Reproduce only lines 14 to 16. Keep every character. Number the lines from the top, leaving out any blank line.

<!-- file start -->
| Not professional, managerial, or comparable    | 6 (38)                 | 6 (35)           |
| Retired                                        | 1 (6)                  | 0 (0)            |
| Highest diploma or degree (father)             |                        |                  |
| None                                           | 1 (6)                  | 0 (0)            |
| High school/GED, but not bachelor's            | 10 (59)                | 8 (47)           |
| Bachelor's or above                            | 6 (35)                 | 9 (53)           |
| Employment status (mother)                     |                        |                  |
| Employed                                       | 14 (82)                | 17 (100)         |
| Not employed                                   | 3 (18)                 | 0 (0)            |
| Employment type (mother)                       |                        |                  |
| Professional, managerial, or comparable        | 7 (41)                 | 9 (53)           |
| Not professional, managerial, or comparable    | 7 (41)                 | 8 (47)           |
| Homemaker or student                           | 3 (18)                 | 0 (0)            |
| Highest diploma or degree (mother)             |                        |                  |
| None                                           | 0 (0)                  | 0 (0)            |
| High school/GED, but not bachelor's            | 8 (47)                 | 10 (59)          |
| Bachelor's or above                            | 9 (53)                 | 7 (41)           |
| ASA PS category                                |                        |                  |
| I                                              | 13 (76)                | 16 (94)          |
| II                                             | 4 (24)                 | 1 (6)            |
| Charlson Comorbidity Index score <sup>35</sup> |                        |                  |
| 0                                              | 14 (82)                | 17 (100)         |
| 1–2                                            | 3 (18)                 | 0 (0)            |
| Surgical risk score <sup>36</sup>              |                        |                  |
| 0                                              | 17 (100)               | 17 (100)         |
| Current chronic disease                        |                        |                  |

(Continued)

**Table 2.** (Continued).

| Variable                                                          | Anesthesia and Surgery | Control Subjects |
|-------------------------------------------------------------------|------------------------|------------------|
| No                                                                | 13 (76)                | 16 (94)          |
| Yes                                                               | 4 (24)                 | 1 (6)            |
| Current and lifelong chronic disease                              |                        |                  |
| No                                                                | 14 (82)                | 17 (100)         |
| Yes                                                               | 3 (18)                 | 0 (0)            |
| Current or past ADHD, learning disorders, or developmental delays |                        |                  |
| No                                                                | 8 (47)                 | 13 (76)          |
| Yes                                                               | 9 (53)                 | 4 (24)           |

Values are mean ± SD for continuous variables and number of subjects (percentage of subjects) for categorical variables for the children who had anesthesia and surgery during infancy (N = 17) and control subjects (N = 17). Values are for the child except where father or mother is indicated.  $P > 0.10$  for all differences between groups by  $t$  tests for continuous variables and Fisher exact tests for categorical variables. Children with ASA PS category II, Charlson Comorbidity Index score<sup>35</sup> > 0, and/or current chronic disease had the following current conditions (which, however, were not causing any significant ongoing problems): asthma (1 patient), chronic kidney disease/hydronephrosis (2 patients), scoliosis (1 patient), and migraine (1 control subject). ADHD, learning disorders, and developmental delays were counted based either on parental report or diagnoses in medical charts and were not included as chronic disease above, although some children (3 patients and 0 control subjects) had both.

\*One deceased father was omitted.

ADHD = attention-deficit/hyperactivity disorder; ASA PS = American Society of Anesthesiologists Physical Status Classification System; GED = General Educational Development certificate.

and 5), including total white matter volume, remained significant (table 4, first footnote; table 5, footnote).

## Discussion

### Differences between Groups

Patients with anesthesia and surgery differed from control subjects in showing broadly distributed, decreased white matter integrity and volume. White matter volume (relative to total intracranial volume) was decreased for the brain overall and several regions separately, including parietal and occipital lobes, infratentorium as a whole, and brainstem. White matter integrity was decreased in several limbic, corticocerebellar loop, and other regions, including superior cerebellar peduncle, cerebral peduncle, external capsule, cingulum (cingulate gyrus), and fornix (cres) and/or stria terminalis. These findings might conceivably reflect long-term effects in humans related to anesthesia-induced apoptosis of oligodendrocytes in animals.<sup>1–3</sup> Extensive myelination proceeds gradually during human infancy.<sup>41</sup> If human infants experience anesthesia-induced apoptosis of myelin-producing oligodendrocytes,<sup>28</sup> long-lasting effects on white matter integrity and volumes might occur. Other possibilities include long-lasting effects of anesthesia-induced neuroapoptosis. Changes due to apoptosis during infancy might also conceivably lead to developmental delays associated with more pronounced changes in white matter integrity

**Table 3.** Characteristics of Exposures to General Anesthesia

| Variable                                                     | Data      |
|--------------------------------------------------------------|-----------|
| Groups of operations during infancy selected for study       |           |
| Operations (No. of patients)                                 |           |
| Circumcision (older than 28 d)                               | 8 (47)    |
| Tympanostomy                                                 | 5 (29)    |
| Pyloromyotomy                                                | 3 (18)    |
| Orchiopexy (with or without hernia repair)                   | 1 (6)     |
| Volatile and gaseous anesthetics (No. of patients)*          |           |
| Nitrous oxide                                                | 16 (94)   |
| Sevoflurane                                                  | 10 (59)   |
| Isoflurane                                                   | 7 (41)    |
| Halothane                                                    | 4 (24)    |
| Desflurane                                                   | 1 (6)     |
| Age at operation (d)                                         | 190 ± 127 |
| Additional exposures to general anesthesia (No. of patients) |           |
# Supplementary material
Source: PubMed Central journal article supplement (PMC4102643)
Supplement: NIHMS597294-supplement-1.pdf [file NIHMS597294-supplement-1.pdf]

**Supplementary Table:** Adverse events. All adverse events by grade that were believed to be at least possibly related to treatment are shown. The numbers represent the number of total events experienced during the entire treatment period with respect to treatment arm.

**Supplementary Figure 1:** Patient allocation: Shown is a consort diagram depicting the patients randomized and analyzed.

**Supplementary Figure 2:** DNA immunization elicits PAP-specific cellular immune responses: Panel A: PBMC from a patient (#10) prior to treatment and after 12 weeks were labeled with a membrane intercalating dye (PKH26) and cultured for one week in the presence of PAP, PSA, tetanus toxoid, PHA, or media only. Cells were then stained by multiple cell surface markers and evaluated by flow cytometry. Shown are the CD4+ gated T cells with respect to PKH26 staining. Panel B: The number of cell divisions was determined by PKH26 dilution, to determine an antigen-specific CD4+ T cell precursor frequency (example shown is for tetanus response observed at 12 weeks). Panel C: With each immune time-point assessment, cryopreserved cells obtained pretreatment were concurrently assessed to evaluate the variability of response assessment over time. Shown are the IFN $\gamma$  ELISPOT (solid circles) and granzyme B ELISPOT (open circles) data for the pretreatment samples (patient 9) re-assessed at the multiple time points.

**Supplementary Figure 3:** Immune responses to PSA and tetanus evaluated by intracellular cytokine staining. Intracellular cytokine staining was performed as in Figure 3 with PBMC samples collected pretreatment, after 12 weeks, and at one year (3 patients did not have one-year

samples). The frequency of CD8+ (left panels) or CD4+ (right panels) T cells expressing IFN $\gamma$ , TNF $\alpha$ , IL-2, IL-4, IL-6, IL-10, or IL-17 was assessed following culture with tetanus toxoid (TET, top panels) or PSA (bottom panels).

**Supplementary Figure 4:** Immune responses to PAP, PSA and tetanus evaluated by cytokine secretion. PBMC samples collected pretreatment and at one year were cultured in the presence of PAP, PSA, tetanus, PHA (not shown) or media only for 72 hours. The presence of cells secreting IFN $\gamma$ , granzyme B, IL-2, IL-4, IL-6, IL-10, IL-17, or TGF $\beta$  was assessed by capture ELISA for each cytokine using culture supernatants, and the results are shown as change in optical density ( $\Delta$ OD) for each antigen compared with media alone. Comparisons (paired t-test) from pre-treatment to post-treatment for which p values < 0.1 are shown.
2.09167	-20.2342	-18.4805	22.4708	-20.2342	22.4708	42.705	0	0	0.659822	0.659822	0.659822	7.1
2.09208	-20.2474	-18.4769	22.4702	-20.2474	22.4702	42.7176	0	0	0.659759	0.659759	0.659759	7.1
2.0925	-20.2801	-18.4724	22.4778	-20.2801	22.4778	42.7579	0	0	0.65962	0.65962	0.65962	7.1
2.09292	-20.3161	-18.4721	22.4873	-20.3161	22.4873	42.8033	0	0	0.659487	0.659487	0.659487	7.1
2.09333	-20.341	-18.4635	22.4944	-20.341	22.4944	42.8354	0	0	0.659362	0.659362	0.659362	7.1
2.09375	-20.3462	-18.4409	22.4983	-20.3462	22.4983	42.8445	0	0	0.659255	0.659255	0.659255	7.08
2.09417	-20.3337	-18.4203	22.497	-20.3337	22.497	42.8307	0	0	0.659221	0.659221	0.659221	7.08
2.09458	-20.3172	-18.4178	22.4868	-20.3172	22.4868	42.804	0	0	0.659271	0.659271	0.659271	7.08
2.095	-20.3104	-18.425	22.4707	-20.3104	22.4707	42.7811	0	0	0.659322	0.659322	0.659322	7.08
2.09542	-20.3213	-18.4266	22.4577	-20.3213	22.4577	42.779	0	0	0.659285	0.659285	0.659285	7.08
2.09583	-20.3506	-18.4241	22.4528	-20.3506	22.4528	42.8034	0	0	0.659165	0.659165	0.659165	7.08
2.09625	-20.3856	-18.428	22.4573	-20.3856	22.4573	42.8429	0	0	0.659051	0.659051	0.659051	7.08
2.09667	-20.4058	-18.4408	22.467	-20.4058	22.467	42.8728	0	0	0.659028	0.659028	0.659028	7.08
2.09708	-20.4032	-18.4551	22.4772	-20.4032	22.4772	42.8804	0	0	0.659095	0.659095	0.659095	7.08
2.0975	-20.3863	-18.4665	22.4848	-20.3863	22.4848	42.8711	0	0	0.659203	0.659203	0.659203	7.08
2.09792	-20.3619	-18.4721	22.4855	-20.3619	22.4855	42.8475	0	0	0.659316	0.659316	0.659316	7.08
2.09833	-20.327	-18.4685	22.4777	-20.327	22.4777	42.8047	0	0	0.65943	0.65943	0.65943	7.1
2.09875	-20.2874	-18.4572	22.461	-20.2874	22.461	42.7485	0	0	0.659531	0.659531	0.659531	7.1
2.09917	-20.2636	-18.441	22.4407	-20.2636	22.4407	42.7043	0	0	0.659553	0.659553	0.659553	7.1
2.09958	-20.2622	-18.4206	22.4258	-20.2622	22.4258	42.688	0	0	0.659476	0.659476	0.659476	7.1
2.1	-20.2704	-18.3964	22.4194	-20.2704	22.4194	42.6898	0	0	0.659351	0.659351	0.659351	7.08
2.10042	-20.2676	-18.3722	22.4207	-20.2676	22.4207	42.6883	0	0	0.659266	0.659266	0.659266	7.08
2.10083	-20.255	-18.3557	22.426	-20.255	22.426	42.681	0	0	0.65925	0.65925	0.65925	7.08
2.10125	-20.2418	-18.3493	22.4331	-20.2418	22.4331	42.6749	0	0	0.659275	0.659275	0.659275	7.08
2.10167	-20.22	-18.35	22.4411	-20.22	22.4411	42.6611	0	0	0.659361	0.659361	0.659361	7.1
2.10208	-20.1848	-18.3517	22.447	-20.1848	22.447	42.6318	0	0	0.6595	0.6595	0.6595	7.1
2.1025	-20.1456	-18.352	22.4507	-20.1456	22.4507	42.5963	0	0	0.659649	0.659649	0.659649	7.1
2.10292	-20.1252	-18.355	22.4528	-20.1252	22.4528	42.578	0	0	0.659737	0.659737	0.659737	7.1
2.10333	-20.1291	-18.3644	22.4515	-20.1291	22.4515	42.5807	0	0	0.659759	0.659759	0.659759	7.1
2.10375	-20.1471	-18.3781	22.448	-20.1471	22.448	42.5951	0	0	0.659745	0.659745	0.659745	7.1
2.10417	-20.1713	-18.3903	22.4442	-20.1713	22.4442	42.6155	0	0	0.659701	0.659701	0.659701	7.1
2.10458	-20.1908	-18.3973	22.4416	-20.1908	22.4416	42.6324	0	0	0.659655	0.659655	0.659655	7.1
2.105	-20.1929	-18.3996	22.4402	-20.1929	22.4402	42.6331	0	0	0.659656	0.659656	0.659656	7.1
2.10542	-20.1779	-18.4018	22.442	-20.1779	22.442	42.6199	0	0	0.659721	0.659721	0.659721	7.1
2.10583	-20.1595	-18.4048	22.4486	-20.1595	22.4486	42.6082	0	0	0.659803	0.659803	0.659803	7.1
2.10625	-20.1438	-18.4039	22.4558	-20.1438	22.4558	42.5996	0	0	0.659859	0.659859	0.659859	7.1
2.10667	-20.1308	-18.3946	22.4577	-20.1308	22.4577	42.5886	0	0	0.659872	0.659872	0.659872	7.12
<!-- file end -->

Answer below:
| Highest diploma or degree (mother)             |                        |                  |
| None                                           | 0 (0)                  | 0 (0)            |
| High school/GED, but not bachelor's            | 8 (47)                 | 10 (59)          |